Dec. 13-- MANCHESTER, Iowa-As dark as American politics have turned, talking to regular, everyday voters is almost always reassuring.
On a recent four-day swing through Iowa, away from the paid political gladiators and social media zealots, almost all of the three-dozen voters I spoke with about the Democratic presidential race had thoughtful, measured views. People managed to explain why they liked one candidate over another, without tearing down their less favored option.
Many said they respect former Vice President Joe Biden, even if they prefer Pete Buttigieg. Others like the liberal Sen. Elizabeth Warren and the more moderate Buttigieg, despite the tribal battles online. None seemed worried about their Twitter mentions.
Along the way, I saw signs of a potential dark-horse candidate in Iowa, of Sen. Bernie Sanders mounting a comeback, and got a feel for how Iowa's vast geography shapes presidential campaigns.
Voters brought up Amy Klobuchar much more than expected.
The senator from neighboring Minnesota has invested big in Iowa, and she leaned into her Midwestern roots at a forum sponsored by the Teamsters. Klobuchar joked about her home state Minnesota Vikings, the rival Green Bay Packers, and Big Ten football.
The senator, 59, would seem to split the difference in age and experience between others competing for the moderate mantle: the 77-year-old Biden and 37-year-old Buttigieg, the mayor of South Bend, Ind.
Polling suggests rising interest: Klobuchar has consistently placed fifth in major Iowa polls since mid-November, a kind of "best of the rest" status after the Big Four (Biden, Buttigieg, Sanders and Warren). She hit 10% support in an Emerson College survey released this week, her best showing yet. She has set herself up as a potential dark horse in the state.
Klobuchar leaned into the electability argument, stressing that she has won every election she has run in a closely balanced state, securing majorities in even deep red congressional districts.
"The most important thing is going to be to win," Klobuchar told the Teamsters. "I have won every race, every place, every time."
People who support Biden and Buttigieg typically point to winning Pennsylvania and Upper Midwest states as a priority in 2020. Klobuchar might be a middle ground for those middle-of-the-road voters.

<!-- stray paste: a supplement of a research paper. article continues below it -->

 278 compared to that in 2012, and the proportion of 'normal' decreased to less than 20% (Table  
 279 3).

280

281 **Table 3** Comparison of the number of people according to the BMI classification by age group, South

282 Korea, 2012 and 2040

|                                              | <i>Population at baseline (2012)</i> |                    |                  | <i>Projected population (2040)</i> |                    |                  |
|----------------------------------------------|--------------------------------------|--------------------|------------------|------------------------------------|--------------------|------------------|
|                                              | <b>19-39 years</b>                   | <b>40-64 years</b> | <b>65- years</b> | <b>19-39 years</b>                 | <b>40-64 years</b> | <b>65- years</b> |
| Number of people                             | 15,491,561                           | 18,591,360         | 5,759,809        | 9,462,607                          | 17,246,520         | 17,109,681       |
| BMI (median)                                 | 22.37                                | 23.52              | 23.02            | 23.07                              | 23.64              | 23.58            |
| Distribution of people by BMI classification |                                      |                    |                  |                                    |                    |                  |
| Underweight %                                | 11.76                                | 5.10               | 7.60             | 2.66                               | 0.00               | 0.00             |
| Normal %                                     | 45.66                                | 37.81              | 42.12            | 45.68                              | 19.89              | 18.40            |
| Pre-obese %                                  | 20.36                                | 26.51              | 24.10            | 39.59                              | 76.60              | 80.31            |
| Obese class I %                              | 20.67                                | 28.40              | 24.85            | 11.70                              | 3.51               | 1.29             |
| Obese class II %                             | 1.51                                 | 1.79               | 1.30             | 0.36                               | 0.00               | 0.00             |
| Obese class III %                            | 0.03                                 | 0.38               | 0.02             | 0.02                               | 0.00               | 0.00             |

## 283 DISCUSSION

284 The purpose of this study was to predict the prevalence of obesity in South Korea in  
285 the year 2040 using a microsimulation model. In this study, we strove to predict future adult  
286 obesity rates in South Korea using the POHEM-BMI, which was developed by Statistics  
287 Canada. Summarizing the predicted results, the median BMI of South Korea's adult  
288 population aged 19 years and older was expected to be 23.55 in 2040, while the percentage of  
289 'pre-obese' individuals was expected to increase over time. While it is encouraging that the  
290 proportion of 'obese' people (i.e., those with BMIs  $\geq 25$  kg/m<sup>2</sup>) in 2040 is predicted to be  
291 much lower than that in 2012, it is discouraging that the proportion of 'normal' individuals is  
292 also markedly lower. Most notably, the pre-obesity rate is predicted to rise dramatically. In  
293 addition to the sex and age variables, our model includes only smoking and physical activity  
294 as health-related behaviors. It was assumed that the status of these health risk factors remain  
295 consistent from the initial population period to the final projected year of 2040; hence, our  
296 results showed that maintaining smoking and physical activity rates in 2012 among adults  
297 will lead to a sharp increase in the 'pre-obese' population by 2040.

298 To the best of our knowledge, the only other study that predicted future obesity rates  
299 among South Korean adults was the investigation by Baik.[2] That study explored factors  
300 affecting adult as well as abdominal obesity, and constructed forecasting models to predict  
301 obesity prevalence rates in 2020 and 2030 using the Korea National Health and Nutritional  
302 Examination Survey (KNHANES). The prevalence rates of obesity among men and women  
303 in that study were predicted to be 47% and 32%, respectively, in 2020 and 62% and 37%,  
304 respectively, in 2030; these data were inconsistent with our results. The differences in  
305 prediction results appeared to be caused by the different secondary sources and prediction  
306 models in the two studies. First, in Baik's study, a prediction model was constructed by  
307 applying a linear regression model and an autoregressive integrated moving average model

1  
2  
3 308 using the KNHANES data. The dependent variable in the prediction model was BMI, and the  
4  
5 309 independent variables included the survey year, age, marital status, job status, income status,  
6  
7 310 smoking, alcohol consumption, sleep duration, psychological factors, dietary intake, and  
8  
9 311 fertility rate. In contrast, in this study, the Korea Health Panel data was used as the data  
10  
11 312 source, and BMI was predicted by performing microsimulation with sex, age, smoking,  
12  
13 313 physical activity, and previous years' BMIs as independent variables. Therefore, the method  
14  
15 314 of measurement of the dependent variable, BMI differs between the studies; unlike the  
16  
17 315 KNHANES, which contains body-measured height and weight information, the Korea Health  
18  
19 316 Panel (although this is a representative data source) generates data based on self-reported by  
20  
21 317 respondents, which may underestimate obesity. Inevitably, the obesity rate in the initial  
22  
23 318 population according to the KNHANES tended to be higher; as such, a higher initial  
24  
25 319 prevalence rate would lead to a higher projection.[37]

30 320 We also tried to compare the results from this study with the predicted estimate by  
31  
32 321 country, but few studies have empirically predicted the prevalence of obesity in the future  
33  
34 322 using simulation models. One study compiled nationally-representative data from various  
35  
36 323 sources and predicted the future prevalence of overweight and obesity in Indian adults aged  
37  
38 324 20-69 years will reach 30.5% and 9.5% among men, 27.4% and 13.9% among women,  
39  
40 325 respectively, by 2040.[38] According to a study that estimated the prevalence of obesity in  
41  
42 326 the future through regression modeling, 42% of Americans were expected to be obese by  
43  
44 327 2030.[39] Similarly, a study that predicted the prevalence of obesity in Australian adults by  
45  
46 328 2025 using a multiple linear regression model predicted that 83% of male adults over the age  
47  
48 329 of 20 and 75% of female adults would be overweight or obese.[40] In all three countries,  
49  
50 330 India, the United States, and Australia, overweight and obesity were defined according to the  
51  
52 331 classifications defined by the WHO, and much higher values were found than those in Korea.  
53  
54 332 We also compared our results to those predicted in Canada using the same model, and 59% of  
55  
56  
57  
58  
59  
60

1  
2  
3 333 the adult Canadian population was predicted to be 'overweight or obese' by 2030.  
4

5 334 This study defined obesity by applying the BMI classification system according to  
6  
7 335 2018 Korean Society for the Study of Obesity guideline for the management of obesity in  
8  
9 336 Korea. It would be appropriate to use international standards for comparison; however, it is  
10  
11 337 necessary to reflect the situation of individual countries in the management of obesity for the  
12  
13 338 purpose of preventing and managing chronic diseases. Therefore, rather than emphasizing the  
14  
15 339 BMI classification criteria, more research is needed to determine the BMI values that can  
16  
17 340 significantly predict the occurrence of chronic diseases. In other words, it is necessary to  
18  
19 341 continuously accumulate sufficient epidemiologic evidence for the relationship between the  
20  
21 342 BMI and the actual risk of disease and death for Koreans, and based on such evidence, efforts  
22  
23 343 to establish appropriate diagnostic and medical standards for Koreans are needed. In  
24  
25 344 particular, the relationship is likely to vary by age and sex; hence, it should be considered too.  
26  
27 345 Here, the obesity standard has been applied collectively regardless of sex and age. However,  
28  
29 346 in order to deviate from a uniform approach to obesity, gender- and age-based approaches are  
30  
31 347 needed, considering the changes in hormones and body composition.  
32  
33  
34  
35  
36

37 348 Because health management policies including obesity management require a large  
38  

Sanders closed out the same Teamsters event, and got the most enthusiastic reception, even after the union members had spent hours listening to candidates.
The Vermont senator talked about his history of joining picket lines and, when one union local was mentioned, instantly knew its members had been on strike.
"My job as president isn't to say, 'Well, on one hand we have the corporate interest, and on the other hand we have the workers' interest.' That ain't my style," Sanders said in his Brooklyn accent. "If elected president, we're going to have a workers' government in Washington, D.C."
It was a demonstration of how tone, tenor, and gut reactions can trump policy specifics in elections, because earlier, most Teamsters in the room cheered when one of their members criticized Medicare for All, which has been Sanders' signature policy. The Teamsters, like many labor unions, oppose the idea of abolishing private health insurance. They already have strong health coverage and don't want to give up a benefit they negotiated.
Yet the room clearly loved Sanders, who is enjoying a rebound after a heart attack that threatened his campaign. While still below his early highs in polling, Sanders has climbed back to second place nationally and in Iowa, according to an average of polls compiled by Real Clear Politics.
As Warren has tumbled from earlier highs, party officials and analysts point to her Medicare for All plan and calls to eliminate private health insurance as key factors.
Interviews with Iowa voters bore that out. Over and over, people brought up Medicare for All as something either they oppose personally, or fear would be politically devastating in a general election.
"I'm as far left as you can find, but I want to find someone we can elect," David Marolf said at a Sen. Cory Booker event. "We've gotta get somebody that's not extreme, even though I would like to see extreme."
The same sentiment came up frequently: A number of liberal Democrats argued that in this election, they need to prioritize pragmatism, if that's what it takes to win. Although it wasn't universal.
"There are lots of voters who are overthinking it and they think they have to go to a centralist and electability," said Jim Kernan, who was leaning toward Warren. "Just vote your gut."
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In Iowa, you hear a lot about "ground games" and "field operations" and you wonder if it's just talk that insiders use to try to sound smart. Then you get out on the road in Iowa and you realize why those things are real factors.
In trailing candidates through rural Northeastern Iowa, near its borders with Wisconsin and Minnesota, you see just how much ground campaigns have to cover. It can be hours of driving between population centers, with vast open skies and sweeping fields dominating the landscape-not houses and voters. Even smaller towns are 30 to 40 minute apart, if not more. Voters at some of the events had driven more than an hour, and when I mentioned that was a long trip, they shrugged it off as normal.
For a campaign, that means it takes time to personally connect with voters. Even a candidate going pedal to the metal can only reach a few cities a day in a state that stretches roughly 300 miles. It's bigger than Pennsylvania, and without pockets as dense as Philadelphia, Pittsburgh and their suburbs.
So having people on the ground to act as surrogates-whether paid staffers or active supporters-makes a difference.
Buttigieg and Warren are widely said to have the strongest staffs in the state. Visiting, you can see why it matters.
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